I awoke shortly after dawn, the wind had abated slightly but was still going for it. I decided to pack up quickly, no time for tea, and set off walking back in a somewhat circular route. I was tired but exhilarated that I had survived a wild night of weather at 600 metres and actually managed to grab some sleep too.

As I walked I felt fantastic and the freedom of the mountain was with me. I knew there could be nobody else stupid enough to be up there and so I had it all to myself. Then , I saw what looked like a plume of smoke heading up into the air a few hundred metres ahead. I then wondered who else could have been stupid enough to have done what I did and I decided I needed to meet them. As I neared it began to look a little different and presently I realised that it was in fact water. A waterfall was being blown back up the cliff and into the air so it resembled smoke. It was enjoyable to watch.

As I began to head inland on to the moory top, I saw bilberries growing and felt rejuvinated after a couple of handfuls of their bright, tangy flavour. I took my time picking them and revelled in their juicy goodness, filling me with new life. As I continued I saw the sandy bottom of a stream and my imagination was caught. Here I was, at 600m and it was sandy. Immediately I imagined myself walking along a sandy, rocky beach,  looking out onto a vast sea below where the city lay. The moorland in front was forested and full of creatures. I felt a sadness, and as I began to find a way across the boggy land, I felt the barrenness of it and what I could only see as the tragedy of its current state.

Walking through squashy moorland I wondered at the relevance and importance of the corrugated plastic dividers which had been added here and there, I guessed with some goal of peat bog preservation or water retention – I couldn’t see what it was doing apart from polluting the already sad looking landscape. It looked neglected and depressed. The rain poured down as trudged through ankle deep wetlands, my rubbish hiking boots let water in and at times I felt I would never come out of this wet wasteland.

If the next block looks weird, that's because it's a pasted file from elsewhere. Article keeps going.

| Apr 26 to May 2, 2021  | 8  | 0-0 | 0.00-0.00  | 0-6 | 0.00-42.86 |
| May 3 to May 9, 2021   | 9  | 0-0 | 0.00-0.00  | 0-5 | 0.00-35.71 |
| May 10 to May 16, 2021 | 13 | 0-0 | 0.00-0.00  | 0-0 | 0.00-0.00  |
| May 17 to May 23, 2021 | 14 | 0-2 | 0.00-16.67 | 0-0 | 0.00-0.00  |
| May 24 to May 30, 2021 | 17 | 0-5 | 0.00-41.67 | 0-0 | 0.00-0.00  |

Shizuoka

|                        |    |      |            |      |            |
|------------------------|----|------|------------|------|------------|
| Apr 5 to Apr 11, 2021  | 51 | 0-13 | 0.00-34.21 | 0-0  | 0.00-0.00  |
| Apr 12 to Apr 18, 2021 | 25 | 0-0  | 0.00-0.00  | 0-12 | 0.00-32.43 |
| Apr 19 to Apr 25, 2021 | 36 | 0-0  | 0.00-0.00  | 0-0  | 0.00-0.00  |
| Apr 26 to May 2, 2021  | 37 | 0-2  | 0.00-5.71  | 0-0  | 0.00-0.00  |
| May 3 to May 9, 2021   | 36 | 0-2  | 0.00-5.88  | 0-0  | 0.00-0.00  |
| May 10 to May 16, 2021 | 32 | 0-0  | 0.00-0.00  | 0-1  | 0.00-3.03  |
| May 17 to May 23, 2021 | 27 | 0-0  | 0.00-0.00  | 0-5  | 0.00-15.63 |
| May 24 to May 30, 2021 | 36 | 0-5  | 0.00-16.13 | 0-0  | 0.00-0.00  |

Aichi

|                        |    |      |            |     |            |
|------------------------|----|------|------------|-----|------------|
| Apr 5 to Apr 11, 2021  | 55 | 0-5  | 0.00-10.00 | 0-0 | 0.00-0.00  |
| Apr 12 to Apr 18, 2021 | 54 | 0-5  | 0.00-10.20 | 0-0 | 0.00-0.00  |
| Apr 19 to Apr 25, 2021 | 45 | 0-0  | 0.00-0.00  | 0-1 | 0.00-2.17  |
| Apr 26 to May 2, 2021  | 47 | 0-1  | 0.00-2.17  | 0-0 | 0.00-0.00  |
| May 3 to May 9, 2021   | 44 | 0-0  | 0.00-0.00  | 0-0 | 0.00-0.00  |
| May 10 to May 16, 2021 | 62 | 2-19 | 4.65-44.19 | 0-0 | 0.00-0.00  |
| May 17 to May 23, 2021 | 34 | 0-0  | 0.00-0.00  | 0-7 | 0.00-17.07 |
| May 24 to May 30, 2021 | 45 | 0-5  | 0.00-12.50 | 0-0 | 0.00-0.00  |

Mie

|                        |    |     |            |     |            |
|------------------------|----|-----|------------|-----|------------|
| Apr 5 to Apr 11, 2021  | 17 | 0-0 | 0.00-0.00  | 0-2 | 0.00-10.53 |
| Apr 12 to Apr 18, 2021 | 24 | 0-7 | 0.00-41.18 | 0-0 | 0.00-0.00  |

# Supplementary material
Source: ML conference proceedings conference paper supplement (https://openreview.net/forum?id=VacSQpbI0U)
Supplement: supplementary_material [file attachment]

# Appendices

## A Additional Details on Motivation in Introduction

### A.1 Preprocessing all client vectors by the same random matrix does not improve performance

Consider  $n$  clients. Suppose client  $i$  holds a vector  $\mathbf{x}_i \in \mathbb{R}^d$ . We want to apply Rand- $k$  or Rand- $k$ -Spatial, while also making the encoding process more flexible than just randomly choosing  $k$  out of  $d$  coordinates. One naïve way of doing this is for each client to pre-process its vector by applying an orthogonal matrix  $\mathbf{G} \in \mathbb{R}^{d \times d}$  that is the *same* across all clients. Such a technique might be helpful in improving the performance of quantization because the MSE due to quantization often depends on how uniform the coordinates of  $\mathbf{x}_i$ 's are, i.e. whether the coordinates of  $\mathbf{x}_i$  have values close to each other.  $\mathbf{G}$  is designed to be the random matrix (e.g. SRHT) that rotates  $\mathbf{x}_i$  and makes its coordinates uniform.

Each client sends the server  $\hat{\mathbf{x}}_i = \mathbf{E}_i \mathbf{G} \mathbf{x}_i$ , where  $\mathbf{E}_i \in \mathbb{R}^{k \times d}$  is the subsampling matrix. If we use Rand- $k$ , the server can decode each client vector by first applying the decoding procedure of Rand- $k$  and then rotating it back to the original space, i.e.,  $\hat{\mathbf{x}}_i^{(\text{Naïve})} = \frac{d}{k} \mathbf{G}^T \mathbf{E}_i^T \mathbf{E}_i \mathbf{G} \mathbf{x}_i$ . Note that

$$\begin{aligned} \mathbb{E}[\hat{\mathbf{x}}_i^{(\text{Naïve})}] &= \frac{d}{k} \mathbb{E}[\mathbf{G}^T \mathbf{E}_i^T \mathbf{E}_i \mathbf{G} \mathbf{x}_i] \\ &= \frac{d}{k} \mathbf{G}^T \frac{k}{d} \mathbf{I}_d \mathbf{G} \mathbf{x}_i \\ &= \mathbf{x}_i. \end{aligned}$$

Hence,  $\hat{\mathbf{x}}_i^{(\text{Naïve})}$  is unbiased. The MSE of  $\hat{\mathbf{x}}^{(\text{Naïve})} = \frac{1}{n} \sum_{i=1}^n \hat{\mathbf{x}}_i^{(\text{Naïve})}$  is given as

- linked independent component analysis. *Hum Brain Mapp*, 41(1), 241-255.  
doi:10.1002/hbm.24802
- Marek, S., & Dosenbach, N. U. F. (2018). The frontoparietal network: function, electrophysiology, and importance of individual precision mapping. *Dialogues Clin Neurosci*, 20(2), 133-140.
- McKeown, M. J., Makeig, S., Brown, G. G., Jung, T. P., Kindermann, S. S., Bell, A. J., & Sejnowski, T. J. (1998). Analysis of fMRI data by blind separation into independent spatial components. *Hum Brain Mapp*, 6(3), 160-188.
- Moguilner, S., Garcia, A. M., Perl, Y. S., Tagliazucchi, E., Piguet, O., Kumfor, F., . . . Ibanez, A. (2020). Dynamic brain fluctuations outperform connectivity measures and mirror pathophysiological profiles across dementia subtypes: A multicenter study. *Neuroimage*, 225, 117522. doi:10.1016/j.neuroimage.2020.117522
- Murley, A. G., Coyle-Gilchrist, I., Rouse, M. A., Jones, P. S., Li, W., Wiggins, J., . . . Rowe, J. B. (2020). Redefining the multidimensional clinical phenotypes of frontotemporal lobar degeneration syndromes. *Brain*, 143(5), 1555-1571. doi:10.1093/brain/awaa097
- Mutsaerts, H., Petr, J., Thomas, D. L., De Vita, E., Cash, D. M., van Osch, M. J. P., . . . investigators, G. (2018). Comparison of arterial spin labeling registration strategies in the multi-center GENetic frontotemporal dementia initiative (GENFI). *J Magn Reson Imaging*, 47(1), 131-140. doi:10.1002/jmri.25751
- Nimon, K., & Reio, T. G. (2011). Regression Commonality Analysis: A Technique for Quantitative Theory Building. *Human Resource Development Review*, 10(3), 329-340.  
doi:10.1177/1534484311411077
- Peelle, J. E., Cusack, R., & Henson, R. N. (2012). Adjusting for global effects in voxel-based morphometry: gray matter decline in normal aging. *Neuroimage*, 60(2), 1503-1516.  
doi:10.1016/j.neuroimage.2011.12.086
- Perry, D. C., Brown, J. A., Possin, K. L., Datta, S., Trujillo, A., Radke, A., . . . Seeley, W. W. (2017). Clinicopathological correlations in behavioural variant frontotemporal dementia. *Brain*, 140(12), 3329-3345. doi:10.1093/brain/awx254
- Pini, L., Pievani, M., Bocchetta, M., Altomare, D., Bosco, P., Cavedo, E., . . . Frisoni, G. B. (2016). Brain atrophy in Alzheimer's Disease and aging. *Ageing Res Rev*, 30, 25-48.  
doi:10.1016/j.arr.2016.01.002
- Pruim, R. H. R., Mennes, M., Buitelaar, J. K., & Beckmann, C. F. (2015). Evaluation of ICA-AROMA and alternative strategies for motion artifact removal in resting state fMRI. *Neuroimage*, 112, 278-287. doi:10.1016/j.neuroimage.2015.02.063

Soon after, I began to ascend and squelched my way back to Edale with a spring in my step, so happy to have hiked a couple of hours before 8am.

I drove a couple of miles to find coffee, which the kind person let me off 20p of the price for, and the I remembered the magical sliver chocolate pudding pouch in my bag. I opened it up as the car widows began to steam, and I regarded its delicate chocolate colour and inviting, saucy dressing. This, along with my coffee made a perfect, post wild camping refreshment. First bite and….UGH! It was grim and horrible and tasted less of chocolate than a packet of spongy bog fodder would have. I felt cheated but I also laughed aloud at my own foolishness to have put such a high expectation on something which anyone could have told me would be crap. I didn’t even finish it and that’s saying something for me.

Overall it was a great microadventure and an amazing first experience of wild camping. It did make me thing a lot about my nature connection and the wasted, almost empty land, deforested for agriculture, which we now try and preserve in its current state. I can’t help feeling that through well intentioned preservation, we are interfering in the natural recovery of places such as the peak district, now ‘perserved’ for hunting.